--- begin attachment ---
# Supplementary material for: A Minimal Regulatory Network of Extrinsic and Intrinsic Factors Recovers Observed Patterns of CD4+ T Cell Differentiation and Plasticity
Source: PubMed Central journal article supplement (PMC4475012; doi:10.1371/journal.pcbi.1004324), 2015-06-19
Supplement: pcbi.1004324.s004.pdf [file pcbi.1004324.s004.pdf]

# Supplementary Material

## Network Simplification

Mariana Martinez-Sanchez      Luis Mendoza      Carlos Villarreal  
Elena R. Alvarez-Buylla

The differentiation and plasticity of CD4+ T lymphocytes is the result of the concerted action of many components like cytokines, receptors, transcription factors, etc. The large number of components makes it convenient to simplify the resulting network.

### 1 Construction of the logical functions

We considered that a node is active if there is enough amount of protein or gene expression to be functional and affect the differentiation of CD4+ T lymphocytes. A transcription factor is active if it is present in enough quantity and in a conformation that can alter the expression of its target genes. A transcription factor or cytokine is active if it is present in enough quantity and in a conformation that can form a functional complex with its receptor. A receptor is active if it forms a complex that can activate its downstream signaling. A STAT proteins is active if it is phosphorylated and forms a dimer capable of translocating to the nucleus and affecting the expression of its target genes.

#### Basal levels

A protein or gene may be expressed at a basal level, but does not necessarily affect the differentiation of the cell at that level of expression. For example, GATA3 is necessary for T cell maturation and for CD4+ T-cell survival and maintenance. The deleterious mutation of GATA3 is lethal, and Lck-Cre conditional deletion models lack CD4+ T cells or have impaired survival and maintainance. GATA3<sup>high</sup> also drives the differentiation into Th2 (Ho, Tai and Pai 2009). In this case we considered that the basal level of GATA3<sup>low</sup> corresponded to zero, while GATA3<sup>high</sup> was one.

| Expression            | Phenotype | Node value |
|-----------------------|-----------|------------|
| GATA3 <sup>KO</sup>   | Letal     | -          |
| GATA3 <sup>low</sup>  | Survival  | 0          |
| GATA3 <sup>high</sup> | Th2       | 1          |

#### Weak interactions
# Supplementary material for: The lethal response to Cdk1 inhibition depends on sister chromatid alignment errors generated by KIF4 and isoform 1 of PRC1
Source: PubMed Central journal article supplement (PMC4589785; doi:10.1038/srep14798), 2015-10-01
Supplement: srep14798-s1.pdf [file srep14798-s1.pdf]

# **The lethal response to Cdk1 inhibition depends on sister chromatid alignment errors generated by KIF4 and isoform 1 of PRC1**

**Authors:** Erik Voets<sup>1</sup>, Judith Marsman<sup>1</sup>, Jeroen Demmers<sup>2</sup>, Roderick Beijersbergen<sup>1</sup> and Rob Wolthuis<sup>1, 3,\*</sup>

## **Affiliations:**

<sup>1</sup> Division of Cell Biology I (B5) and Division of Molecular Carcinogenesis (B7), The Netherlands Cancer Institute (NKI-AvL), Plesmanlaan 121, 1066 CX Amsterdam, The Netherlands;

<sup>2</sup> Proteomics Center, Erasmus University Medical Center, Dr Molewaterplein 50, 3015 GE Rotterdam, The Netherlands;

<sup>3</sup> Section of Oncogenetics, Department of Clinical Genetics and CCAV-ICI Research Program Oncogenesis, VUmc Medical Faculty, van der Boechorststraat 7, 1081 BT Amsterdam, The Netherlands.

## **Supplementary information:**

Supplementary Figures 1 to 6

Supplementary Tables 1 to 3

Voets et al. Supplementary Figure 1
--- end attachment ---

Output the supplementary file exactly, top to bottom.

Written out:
# Supplementary material for: A Minimal Regulatory Network of Extrinsic and Intrinsic Factors Recovers Observed Patterns of CD4+ T Cell Differentiation and Plasticity
Source: PubMed Central journal article supplement (PMC4475012; doi:10.1371/journal.pcbi.1004324), 2015-06-19
Supplement: pcbi.1004324.s004.pdf [file pcbi.1004324.s004.pdf]

# Supplementary Material

## Network Simplification

Mariana Martinez-Sanchez      Luis Mendoza      Carlos Villarreal  
Elena R. Alvarez-Buylla

The differentiation and plasticity of CD4+ T lymphocytes is the result of the concerted action of many components like cytokines, receptors, transcription factors, etc. The large number of components makes it convenient to simplify the resulting network.

### 1 Construction of the logical functions

We considered that a node is active if there is enough amount of protein or gene expression to be functional and affect the differentiation of CD4+ T lymphocytes. A transcription factor is active if it is present in enough quantity and in a conformation that can alter the expression of its target genes. A transcription factor or cytokine is active if it is present in enough quantity and in a conformation that can form a functional complex with its receptor. A receptor is active if it forms a complex that can activate its downstream signaling. A STAT proteins is active if it is phosphorylated and forms a dimer capable of translocating to the nucleus and affecting the expression of its target genes.

#### Basal levels

A protein or gene may be expressed at a basal level, but does not necessarily affect the differentiation of the cell at that level of expression. For example, GATA3 is necessary for T cell maturation and for CD4+ T-cell survival and maintenance. The deleterious mutation of GATA3 is lethal, and Lck-Cre conditional deletion models lack CD4+ T cells or have impaired survival and maintainance. GATA3<sup>high</sup> also drives the differentiation into Th2 (Ho, Tai and Pai 2009). In this case we considered that the basal level of GATA3<sup>low</sup> corresponded to zero, while GATA3<sup>high</sup> was one.

| Expression            | Phenotype | Node value |
|-----------------------|-----------|------------|
| GATA3 <sup>KO</sup>   | Letal     | -          |
| GATA3 <sup>low</sup>  | Survival  | 0          |
| GATA3 <sup>high</sup> | Th2       | 1          |

#### Weak interactions
# Supplementary material for: The lethal response to Cdk1 inhibition depends on sister chromatid alignment errors generated by KIF4 and isoform 1 of PRC1
Source: PubMed Central journal article supplement (PMC4589785; doi:10.1038/srep14798), 2015-10-01
Supplement: srep14798-s1.pdf [file srep14798-s1.pdf]

# **The lethal response to Cdk1 inhibition depends on sister chromatid alignment errors generated by KIF4 and isoform 1 of PRC1**

**Authors:** Erik Voets<sup>1</sup>, Judith Marsman<sup>1</sup>, Jeroen Demmers<sup>2</sup>, Roderick Beijersbergen<sup>1</sup> and Rob Wolthuis<sup>1, 3,\*</sup>

## **Affiliations:**

<sup>1</sup> Division of Cell Biology I (B5) and Division of Molecular Carcinogenesis (B7), The Netherlands Cancer Institute (NKI-AvL), Plesmanlaan 121, 1066 CX Amsterdam, The Netherlands;

<sup>2</sup> Proteomics Center, Erasmus University Medical Center, Dr Molewaterplein 50, 3015 GE Rotterdam, The Netherlands;

<sup>3</sup> Section of Oncogenetics, Department of Clinical Genetics and CCAV-ICI Research Program Oncogenesis, VUmc Medical Faculty, van der Boechorststraat 7, 1081 BT Amsterdam, The Netherlands.

## **Supplementary information:**

Supplementary Figures 1 to 6

Supplementary Tables 1 to 3

Voets et al. Supplementary Figure 1